DANIEL LUBIN reviews In the Shadow of the Mountain at the Old Red Lion Theatre.
In the Shadow of the Mountain opens with Ellie grasping Rob from the edge of the tube platform as he teeters on the brink of suicide. The ensuing conversation is comically bizarre. Writer and actor Felicity Huxley-Miners perfectly captures Ellie’s manic yet charming character, and David Shears plays Rob clumsily navigating her excited urge to help him. The two of them inevitably disappear to bed together soon after. The show follows the unrelenting turbulence of a relationship between two individuals traumatised by past romances, and sets itself up to discuss the experience of those struggling with mental health problems, and of those striving to support loved ones. This expectation remains, however, unfulfilled. In reality Rob seems only slightly upset at best, and Ellie’s Borderline Personality Disorder, while at the centre of the narrative, is unexplored. In this capacity Shadow fails to engage with the issues it claims to and instead implies a deeply problematic message.
Fundamentally, it is difficult to engage with the duo’s relationship given the unrealistic speed with which it escalates. There is no trajectory: once past the sexy absurdism of their initial hook-up, they’re quickly in love. Their interactions quickly become monotonous cycles around misunderstandings and Ellie’s fluctuating moods as she irrationally leaps between adoration and rejection of Rob. Ellie is unpredictable and erratic, promising to help Rob live life to the full – her quick proposition of sex is a prime example of this. She shows herself to be genuinely caring and genuinely manipulative in equal measures. At the heart of it, she’s a Manic Pixie Dream Girl. The use of this trope makes it easy to avoid proper engagement with mental health, since her irrationality is not a symptom of her BPD but rather just of her character – indeed that BPD is what she’s suffering from is only stated in the play’s description and not the script itself. Rob breaks up with her only when her eccentricity, exactly what attracted him in the first place, becomes too much for him to handle. His recommendation that she get help is just a side-note, advice to make her easier for him to continue seeing. This problematic angle with which he addresses her mental health is framed as thoroughly reasonable and even a challenge for Rob that demands sympathy.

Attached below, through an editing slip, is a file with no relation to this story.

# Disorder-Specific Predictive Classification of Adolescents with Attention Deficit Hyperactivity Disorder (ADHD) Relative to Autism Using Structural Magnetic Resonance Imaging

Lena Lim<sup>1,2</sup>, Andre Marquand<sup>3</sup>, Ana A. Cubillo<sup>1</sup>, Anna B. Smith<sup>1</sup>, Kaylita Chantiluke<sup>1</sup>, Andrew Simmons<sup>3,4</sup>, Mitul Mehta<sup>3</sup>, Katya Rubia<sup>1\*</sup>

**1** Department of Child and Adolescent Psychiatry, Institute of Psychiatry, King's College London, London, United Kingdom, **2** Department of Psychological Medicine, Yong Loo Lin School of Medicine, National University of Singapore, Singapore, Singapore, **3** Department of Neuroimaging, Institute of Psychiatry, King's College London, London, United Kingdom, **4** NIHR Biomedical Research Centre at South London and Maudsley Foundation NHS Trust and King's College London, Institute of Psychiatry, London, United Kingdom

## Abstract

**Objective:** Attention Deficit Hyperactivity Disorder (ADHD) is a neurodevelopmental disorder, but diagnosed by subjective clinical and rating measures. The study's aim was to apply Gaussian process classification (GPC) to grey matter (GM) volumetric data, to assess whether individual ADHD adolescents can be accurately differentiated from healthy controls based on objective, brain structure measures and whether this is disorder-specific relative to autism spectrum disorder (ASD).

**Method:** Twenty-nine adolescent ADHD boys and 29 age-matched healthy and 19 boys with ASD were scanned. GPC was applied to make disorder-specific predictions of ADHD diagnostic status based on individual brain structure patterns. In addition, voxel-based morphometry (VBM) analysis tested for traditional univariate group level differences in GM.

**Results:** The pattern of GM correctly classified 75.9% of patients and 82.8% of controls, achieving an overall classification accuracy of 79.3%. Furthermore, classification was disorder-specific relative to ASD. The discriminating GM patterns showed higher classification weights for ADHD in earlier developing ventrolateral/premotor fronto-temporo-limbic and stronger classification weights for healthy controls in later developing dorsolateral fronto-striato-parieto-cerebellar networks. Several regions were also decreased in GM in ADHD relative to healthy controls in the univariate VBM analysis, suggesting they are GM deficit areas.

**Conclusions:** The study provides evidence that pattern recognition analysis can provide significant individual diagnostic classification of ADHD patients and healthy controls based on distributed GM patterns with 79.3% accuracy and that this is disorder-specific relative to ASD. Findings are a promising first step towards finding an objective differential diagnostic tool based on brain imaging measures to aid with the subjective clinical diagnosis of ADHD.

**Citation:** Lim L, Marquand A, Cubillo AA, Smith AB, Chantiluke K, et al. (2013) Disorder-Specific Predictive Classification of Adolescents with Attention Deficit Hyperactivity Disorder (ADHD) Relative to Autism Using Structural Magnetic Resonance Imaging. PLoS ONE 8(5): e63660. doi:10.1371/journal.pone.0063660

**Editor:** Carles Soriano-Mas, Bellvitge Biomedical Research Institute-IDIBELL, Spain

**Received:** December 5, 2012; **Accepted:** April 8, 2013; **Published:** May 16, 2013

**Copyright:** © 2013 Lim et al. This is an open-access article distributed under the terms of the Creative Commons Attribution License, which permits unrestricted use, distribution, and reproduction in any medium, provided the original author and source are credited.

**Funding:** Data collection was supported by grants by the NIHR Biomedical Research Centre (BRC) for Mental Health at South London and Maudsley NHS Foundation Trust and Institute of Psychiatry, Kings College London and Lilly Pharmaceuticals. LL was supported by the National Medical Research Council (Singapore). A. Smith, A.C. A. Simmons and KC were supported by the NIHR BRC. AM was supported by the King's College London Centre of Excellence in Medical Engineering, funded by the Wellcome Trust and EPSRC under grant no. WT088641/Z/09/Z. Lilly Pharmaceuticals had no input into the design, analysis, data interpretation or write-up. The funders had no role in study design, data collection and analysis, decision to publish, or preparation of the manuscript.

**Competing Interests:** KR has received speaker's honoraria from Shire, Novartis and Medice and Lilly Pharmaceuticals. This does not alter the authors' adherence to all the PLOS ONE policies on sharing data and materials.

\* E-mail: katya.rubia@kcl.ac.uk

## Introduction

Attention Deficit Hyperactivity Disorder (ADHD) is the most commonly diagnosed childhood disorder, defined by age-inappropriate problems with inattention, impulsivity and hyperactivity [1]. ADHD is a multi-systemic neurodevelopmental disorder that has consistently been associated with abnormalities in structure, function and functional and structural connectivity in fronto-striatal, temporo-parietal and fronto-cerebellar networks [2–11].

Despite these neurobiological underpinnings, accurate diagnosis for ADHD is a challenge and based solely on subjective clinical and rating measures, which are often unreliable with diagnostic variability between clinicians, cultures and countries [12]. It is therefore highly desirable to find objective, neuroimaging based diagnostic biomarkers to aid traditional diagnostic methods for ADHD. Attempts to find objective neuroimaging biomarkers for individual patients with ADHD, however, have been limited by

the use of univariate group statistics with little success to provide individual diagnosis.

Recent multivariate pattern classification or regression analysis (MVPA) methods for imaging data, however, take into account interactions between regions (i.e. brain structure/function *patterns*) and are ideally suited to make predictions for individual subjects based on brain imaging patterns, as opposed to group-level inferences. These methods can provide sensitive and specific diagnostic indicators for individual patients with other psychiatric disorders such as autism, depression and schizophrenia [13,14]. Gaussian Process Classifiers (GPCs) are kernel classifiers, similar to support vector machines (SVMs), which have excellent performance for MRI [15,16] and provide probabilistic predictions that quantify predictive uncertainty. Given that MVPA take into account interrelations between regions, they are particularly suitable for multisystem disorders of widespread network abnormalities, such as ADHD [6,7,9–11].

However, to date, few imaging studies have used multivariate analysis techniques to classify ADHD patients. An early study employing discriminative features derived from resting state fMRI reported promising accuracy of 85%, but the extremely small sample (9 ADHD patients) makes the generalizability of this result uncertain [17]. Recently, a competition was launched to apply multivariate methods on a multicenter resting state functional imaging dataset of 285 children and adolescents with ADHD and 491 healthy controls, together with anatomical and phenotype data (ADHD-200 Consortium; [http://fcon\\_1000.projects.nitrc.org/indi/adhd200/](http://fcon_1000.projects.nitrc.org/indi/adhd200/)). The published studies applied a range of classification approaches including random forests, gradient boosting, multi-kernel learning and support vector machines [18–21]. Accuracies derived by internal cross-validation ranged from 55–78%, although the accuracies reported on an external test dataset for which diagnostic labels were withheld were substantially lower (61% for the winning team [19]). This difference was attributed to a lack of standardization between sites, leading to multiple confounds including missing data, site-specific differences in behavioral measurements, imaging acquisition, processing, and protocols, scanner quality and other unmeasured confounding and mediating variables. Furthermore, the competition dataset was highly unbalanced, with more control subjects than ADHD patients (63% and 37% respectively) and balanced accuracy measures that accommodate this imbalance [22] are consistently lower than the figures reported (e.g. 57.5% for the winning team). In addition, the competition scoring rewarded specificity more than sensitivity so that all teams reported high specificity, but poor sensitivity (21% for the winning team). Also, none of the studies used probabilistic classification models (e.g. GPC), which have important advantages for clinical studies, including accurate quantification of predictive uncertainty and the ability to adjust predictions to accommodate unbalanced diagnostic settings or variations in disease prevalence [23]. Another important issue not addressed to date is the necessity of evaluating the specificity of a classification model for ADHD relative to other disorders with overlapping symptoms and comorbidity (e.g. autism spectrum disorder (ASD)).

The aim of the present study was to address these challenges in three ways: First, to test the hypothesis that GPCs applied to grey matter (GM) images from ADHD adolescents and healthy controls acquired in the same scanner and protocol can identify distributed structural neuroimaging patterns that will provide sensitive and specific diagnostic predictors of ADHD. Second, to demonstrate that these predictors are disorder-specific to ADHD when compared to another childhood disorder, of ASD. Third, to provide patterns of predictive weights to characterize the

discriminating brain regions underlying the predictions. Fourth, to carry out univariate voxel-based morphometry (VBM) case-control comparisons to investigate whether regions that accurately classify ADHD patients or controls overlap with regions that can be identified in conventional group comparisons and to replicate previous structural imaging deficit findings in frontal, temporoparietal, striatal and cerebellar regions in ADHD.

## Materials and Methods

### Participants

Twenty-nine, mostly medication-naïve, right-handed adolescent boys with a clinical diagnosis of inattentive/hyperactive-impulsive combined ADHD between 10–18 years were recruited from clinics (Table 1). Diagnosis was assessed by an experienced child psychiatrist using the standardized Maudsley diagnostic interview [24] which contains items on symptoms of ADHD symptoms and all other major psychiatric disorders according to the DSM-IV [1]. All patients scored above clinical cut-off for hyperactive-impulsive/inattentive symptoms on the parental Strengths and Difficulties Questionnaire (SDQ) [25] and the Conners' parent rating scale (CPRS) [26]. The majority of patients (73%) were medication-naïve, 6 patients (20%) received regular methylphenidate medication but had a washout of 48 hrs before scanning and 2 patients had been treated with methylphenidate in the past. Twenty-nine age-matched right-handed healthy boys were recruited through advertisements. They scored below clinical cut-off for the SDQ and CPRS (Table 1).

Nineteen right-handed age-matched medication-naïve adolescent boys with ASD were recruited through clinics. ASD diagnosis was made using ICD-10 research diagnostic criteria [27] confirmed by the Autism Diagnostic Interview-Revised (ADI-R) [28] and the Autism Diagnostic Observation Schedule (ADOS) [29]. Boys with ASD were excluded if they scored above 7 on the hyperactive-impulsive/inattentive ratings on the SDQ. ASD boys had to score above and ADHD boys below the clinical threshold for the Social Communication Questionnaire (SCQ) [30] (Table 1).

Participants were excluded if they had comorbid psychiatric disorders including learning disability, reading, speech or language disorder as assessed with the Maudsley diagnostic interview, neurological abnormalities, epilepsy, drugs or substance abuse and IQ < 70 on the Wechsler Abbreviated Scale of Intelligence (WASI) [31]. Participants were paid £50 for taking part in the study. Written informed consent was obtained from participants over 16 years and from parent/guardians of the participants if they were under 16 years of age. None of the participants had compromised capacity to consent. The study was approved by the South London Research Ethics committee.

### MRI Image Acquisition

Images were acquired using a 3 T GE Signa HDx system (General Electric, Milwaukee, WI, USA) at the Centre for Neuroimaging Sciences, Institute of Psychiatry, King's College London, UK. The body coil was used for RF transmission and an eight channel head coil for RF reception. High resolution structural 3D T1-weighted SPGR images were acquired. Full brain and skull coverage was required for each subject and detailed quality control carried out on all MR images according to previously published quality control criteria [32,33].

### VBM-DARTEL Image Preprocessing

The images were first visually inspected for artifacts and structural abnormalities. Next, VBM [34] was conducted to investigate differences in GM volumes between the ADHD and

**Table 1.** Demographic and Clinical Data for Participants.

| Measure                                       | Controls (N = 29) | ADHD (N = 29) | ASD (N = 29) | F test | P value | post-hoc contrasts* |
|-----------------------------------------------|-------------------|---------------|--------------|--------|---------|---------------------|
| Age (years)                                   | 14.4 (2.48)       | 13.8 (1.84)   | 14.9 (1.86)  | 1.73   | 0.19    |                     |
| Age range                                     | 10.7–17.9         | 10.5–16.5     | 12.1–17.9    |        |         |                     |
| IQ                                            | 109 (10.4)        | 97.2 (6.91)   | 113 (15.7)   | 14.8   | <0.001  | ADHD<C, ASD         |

In treating their situations with equal seriousness and legitimacy the writing aggrandises Rob’s quite non-existent struggle and fails to treat Ellie’s genuine mental health problems with the delicacy they need. For example when Rob hits Ellie in response to her provocation, she immediately apologises for her behaviour – they are presented as mutually destructive, forgoing the fact that this is an instance of abuse. Similarly when Ellie is on the verge of suicide and Rob storms out challenging her to go through with it, the following scene shows them sheepishly apologising to each other for not being at their best. That she should apologise for being suicidal is utterly inappropriate. If Rob’s struggle is in supporting a loved one with BPD, he shows next to no impulse to do so.
Suicide is flippantly diminished to either something casually considered on a train platform, or a mere threat, one of Ellie’s various manipulative tactics. Shadow plays into too many tropes to give its characters credibility, and in equating Ellie’s serious predicament with Rob’s problem of feeling a little lost, the writing shows its insensitivity in breaching the subject of mental health. The poster boasts ‘Serious issues. Serious comedy.’; the two are not incompatible, but the fact that here suicide can be quickly considered, reconsidered and replaced by sex exemplifies how the play does not really engage with its themes. While the issues are indeed serious, Shadow fails to deal with them seriously, and instead pays the discourse on mental health mere lip service.
In the Shadow of the Mountain is playing at the Old Red Lion Theatre until 2nd June. Find more information here.